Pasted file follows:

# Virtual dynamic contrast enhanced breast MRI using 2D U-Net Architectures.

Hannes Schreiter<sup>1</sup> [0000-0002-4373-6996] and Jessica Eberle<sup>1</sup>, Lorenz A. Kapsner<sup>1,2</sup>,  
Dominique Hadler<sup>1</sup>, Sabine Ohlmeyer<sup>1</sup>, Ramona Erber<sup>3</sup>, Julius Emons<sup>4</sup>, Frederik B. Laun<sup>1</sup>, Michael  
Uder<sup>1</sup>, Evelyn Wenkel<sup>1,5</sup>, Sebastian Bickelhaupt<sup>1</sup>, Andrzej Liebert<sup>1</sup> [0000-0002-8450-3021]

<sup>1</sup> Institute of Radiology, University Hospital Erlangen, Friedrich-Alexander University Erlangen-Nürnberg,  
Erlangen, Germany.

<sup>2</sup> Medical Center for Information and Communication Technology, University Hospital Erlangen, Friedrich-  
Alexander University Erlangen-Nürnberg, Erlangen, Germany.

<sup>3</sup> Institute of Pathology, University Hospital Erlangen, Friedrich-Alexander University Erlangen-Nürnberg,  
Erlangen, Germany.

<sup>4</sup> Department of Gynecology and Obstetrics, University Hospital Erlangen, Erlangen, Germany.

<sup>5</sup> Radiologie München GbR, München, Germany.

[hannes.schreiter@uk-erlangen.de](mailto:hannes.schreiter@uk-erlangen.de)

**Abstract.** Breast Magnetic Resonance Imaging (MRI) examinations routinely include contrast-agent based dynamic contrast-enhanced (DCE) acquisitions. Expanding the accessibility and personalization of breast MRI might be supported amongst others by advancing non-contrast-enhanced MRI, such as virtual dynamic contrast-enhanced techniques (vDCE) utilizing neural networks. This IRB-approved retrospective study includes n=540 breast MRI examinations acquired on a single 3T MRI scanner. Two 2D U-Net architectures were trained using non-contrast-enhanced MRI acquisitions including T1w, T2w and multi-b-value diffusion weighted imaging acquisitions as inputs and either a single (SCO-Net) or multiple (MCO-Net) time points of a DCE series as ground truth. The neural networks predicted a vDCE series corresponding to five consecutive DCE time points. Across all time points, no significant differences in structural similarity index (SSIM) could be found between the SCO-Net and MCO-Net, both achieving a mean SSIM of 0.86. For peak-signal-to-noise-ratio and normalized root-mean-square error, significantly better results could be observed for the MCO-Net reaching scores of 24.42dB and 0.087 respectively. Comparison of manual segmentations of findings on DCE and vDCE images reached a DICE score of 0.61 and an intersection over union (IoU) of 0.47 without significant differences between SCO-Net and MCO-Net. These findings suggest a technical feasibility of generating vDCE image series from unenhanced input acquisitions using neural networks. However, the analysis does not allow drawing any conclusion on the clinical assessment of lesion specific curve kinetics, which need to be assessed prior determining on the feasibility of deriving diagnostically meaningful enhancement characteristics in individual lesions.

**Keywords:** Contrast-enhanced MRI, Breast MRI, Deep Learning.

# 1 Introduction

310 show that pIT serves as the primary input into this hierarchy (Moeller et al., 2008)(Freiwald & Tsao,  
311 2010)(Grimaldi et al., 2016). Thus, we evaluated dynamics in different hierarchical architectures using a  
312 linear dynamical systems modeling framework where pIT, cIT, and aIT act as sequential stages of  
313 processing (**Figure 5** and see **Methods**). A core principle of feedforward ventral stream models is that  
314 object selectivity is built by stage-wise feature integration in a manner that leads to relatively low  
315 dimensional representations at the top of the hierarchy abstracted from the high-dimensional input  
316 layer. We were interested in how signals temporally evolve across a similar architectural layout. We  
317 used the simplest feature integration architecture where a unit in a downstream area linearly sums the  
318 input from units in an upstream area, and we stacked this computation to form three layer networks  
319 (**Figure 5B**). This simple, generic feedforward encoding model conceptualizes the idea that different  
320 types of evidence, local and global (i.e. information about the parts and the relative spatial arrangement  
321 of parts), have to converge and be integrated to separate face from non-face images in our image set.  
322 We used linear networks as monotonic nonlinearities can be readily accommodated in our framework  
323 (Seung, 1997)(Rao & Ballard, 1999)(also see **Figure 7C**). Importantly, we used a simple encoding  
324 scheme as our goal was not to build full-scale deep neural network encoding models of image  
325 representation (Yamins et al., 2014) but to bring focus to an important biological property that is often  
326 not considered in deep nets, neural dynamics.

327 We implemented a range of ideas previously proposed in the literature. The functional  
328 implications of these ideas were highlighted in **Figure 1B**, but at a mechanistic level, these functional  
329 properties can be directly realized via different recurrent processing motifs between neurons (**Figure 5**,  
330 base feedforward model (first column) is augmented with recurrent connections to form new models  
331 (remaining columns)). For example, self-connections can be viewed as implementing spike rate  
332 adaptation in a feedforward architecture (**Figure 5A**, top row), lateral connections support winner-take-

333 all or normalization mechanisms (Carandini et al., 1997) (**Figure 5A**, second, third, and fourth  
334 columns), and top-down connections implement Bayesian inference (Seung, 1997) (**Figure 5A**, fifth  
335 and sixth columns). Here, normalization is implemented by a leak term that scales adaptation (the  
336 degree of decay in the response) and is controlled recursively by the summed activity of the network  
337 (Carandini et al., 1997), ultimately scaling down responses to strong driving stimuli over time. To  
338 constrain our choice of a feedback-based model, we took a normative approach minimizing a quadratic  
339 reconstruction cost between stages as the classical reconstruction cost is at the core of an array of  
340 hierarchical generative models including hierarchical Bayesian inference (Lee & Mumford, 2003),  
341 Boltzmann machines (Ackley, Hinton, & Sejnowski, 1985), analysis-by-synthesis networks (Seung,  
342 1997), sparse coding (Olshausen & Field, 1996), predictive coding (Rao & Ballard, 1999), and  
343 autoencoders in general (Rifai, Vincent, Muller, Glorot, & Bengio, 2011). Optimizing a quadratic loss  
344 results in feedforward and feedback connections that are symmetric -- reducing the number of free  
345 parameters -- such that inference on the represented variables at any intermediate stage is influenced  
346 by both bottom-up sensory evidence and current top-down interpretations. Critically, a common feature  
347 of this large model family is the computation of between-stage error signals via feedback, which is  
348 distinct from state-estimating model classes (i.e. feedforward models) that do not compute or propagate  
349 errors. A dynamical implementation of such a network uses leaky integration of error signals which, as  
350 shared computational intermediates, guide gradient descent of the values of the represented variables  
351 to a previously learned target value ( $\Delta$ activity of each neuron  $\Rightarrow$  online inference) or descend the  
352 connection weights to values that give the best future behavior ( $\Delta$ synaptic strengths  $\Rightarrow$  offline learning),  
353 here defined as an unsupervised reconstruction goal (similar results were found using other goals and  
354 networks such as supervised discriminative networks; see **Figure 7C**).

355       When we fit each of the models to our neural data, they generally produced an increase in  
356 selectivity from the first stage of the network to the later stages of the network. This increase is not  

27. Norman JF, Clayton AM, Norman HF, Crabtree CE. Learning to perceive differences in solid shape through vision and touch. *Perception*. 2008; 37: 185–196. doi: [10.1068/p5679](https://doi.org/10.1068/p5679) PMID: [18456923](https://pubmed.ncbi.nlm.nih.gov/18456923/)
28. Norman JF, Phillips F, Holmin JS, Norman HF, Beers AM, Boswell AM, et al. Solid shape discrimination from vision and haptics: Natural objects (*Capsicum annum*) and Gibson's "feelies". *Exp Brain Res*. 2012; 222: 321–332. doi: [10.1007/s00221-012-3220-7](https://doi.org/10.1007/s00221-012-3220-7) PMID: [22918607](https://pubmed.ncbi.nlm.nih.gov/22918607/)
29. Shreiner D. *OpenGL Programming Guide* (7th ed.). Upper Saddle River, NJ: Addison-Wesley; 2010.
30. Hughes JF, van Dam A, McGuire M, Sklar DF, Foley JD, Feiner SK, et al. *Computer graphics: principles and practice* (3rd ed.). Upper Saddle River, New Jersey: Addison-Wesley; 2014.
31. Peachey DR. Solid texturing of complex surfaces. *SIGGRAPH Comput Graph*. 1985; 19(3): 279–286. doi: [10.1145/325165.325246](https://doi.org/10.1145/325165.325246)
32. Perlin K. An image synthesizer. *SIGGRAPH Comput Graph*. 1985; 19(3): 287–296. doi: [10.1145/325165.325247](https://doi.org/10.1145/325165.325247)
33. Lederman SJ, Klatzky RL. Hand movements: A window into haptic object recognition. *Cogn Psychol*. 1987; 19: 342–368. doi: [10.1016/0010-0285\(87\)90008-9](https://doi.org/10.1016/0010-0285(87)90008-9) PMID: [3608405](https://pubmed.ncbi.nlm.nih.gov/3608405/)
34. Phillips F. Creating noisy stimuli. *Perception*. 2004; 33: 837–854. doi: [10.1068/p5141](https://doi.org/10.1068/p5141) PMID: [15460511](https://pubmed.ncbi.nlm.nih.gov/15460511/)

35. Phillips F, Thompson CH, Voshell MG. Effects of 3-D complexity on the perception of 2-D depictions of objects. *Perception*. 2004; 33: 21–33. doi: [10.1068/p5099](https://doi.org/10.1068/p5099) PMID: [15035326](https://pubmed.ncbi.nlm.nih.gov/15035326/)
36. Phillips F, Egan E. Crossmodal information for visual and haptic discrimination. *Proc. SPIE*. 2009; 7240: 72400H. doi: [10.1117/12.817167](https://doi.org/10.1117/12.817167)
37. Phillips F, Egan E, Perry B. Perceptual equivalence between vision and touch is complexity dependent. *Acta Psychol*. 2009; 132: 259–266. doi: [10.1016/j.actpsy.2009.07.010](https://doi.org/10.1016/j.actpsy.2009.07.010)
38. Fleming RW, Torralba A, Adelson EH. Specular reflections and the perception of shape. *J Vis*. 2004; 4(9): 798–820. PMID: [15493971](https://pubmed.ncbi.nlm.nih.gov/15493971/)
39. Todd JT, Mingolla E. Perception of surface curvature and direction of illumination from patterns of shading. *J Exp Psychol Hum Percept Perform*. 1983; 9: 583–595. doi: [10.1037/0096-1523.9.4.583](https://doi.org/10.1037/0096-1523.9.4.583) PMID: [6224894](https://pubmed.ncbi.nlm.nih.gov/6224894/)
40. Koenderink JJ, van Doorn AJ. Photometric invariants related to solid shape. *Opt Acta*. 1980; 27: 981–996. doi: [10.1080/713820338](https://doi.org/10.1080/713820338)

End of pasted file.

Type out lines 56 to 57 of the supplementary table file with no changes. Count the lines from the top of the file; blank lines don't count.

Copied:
349 errors. A dynamical implementation of such a network uses leaky integration of error signals which, as  
350 shared computational intermediates, guide gradient descent of the values of the represented variables  